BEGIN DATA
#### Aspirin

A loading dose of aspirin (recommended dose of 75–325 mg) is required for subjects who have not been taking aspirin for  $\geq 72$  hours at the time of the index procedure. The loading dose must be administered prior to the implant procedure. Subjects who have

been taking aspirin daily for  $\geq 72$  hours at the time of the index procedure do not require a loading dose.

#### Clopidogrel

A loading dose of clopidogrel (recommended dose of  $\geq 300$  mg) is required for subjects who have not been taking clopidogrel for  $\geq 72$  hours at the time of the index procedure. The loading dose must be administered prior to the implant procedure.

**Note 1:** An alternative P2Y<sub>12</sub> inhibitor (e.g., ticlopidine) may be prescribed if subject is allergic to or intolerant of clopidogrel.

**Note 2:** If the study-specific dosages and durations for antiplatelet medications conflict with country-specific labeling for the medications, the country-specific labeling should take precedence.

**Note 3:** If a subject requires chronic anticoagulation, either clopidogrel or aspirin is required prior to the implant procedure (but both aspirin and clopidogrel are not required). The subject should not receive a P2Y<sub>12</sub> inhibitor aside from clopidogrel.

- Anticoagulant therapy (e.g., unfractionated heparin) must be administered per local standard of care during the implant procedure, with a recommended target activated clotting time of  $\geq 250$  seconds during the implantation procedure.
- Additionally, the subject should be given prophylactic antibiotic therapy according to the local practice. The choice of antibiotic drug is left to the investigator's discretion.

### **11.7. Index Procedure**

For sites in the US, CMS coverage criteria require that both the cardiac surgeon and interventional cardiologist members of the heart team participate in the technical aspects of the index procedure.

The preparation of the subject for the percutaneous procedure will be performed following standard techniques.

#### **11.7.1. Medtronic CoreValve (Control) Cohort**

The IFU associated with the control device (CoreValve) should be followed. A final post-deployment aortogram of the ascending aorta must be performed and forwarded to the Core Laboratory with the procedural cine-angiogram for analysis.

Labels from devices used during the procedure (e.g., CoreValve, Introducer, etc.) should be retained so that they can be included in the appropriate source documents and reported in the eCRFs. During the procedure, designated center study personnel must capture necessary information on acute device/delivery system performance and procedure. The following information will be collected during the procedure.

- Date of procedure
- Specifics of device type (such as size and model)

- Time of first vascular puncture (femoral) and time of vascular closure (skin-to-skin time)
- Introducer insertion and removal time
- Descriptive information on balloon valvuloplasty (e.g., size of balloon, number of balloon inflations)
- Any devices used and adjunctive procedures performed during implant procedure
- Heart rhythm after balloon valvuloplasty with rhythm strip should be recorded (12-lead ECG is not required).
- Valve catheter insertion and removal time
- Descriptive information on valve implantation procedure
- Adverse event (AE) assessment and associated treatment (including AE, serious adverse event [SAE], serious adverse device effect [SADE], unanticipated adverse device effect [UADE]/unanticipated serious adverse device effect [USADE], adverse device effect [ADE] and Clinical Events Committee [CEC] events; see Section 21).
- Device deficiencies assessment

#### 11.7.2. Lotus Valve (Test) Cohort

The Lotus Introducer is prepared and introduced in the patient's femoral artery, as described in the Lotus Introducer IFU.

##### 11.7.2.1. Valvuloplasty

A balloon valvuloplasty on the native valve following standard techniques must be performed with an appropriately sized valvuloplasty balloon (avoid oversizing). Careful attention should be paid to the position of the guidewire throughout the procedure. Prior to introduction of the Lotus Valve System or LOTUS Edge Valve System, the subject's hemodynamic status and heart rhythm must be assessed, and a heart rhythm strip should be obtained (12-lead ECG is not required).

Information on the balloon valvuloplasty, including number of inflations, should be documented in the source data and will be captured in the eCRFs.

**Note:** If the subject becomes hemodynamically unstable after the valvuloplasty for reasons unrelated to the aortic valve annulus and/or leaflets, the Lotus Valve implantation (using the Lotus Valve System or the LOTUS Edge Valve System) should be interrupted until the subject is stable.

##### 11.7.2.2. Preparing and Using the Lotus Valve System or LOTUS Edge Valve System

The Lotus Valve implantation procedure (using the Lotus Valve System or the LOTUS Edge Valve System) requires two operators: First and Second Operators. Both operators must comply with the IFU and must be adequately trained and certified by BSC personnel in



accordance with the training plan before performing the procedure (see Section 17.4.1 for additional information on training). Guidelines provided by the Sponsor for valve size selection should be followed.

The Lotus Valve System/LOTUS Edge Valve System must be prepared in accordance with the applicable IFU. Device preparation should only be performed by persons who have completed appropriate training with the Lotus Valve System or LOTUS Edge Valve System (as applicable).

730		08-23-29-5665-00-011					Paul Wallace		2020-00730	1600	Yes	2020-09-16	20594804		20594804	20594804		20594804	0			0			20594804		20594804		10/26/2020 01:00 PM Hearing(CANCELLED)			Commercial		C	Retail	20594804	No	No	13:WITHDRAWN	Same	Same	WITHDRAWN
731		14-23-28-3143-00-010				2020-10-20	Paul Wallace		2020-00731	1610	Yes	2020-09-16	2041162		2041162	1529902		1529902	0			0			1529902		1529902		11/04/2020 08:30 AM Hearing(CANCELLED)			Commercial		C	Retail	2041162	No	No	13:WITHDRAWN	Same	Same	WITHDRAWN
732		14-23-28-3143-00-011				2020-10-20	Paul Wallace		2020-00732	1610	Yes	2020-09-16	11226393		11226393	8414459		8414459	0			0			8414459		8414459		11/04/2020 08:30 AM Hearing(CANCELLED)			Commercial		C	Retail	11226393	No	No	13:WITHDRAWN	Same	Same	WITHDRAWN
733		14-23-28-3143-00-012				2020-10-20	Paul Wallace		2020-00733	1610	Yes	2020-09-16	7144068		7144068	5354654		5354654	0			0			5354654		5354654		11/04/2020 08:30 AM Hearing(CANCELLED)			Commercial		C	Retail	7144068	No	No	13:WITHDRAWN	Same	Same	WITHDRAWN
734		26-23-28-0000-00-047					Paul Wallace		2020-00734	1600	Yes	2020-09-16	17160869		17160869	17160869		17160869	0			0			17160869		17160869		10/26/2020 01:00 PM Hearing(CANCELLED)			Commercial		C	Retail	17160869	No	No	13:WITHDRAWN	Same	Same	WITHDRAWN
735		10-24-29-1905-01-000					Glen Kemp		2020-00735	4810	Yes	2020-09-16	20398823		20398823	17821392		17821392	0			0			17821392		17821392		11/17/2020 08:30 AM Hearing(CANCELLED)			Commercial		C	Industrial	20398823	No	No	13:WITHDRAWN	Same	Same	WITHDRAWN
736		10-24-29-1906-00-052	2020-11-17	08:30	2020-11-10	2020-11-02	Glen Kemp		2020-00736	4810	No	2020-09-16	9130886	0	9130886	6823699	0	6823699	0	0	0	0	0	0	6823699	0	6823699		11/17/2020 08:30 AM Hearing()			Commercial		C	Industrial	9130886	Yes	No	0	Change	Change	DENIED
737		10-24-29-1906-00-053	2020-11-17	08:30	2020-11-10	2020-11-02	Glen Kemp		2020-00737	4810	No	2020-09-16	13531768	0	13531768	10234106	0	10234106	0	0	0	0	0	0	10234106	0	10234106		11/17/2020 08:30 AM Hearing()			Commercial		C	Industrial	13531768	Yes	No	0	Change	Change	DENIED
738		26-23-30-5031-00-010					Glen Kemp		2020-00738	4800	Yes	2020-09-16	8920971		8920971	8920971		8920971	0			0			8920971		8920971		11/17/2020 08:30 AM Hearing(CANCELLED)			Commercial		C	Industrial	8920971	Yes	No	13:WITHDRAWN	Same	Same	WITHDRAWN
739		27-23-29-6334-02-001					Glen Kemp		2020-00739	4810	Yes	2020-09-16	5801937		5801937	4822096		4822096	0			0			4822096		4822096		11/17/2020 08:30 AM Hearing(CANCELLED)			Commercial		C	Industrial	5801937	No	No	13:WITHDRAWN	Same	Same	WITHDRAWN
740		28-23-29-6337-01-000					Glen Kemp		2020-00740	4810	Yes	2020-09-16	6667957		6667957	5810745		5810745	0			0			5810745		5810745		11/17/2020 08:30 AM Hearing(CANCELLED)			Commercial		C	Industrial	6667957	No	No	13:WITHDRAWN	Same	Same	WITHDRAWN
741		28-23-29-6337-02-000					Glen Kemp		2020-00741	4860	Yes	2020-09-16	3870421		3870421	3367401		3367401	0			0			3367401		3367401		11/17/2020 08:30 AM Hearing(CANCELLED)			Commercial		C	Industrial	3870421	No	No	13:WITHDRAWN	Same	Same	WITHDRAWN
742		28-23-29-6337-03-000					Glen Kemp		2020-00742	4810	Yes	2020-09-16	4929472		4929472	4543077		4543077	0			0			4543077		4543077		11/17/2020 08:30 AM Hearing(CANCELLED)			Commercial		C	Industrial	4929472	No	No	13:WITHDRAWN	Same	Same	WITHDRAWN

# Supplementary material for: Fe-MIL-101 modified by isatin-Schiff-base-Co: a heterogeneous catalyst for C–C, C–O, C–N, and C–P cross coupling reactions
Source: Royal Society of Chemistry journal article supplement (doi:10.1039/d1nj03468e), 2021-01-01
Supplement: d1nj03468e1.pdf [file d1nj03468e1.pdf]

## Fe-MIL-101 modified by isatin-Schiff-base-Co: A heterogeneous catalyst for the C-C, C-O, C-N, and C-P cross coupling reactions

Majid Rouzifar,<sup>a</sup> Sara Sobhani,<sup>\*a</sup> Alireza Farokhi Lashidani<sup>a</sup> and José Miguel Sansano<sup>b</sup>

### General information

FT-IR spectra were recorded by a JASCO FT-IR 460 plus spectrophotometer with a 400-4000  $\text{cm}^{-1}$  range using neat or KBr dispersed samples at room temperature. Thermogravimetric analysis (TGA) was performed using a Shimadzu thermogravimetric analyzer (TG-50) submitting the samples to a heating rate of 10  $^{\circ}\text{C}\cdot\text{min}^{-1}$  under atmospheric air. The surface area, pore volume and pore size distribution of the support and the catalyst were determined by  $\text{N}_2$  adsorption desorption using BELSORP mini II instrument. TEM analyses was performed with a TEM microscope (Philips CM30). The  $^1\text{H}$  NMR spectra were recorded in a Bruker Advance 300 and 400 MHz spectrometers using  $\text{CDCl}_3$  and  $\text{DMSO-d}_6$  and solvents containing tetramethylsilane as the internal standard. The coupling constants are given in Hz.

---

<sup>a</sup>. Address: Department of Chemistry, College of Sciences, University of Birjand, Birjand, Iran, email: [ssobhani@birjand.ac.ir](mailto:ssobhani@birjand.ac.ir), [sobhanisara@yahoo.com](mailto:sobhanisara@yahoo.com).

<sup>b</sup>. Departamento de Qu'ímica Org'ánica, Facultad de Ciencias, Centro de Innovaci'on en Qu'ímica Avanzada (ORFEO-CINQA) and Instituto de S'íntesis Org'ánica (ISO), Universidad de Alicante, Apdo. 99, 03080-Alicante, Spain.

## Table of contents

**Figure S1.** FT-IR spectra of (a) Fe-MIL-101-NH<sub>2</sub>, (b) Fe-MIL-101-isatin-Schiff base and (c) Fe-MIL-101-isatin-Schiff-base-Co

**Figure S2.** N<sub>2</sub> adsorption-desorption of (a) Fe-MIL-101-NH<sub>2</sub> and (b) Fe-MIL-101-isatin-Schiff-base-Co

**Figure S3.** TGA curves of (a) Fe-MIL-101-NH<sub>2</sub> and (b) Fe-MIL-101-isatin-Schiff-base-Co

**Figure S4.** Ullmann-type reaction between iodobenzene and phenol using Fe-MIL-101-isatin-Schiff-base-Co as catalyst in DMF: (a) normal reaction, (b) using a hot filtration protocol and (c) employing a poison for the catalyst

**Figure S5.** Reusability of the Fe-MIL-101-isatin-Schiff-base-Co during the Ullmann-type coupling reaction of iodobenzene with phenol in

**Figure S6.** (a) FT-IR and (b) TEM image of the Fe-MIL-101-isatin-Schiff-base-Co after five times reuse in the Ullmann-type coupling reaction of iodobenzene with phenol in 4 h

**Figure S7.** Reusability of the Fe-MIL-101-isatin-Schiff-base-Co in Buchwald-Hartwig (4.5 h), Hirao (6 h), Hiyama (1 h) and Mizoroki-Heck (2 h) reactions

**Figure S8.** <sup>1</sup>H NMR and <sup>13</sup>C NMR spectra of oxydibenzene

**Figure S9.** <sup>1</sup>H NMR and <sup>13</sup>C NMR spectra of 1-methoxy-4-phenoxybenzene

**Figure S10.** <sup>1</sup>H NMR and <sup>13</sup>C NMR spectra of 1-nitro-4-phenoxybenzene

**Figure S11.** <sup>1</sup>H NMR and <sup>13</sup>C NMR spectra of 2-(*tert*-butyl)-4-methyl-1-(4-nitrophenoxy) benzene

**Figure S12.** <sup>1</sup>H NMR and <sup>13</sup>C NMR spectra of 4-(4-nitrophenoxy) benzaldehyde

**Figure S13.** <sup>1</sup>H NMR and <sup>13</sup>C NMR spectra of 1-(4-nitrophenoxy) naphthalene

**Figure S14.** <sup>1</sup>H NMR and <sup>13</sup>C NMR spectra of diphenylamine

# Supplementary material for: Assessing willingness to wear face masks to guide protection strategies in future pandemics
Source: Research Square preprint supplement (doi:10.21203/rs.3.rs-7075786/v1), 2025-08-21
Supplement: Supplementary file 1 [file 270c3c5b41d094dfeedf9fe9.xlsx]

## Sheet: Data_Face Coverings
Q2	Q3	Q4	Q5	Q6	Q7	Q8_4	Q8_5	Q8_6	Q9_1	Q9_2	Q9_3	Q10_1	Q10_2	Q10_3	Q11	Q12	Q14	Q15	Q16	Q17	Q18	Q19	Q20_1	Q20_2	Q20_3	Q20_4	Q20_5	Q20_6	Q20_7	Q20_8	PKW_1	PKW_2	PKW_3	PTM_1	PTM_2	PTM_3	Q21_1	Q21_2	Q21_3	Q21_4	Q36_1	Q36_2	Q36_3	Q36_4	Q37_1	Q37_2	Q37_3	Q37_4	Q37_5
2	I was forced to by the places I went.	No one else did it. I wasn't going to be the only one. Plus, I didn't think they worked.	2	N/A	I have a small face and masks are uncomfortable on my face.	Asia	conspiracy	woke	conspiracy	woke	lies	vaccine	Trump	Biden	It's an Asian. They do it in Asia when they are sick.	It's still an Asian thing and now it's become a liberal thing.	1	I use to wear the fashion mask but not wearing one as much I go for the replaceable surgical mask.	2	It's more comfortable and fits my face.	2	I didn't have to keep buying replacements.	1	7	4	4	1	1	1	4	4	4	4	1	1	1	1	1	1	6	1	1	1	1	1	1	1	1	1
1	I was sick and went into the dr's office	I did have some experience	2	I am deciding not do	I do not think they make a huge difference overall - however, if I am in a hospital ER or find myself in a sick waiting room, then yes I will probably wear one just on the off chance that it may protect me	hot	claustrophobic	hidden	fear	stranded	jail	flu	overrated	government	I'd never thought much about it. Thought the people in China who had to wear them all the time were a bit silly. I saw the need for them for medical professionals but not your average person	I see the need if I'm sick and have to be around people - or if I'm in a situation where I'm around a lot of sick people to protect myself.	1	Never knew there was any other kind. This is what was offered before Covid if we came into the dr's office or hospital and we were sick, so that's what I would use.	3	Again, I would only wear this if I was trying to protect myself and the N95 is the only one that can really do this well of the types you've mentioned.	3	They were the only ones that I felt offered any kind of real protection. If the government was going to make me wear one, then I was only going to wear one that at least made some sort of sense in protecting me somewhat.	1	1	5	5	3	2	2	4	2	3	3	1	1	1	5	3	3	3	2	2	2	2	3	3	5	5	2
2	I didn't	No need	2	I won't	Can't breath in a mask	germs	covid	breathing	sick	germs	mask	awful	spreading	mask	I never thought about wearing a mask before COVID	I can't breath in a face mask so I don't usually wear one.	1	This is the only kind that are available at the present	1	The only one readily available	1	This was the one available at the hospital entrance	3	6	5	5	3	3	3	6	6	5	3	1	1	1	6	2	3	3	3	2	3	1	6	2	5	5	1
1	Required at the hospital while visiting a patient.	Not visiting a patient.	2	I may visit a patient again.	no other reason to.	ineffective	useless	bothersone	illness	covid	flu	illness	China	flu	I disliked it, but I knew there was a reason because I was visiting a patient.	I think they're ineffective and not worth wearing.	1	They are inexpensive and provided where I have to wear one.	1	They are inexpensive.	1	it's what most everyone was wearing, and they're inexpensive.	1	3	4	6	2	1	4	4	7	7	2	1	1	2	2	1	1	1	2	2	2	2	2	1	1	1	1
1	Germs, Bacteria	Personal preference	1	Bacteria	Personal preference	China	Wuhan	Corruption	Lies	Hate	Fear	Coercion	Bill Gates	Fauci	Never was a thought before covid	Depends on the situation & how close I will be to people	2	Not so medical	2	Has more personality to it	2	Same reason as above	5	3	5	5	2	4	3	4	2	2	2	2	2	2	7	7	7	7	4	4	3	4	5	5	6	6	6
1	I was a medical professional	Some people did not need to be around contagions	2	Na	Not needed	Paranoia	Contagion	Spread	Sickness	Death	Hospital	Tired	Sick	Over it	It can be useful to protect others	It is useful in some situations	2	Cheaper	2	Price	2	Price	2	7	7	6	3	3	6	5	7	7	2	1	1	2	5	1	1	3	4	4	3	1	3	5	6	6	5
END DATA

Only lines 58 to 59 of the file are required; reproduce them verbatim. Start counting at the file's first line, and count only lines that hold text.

---

<sup>a</sup>. Address: Department of Chemistry, College of Sciences, University of Birjand, Birjand, Iran, email: [ssobhani@birjand.ac.ir](mailto:ssobhani@birjand.ac.ir), [sobhanisara@yahoo.com](mailto:sobhanisara@yahoo.com).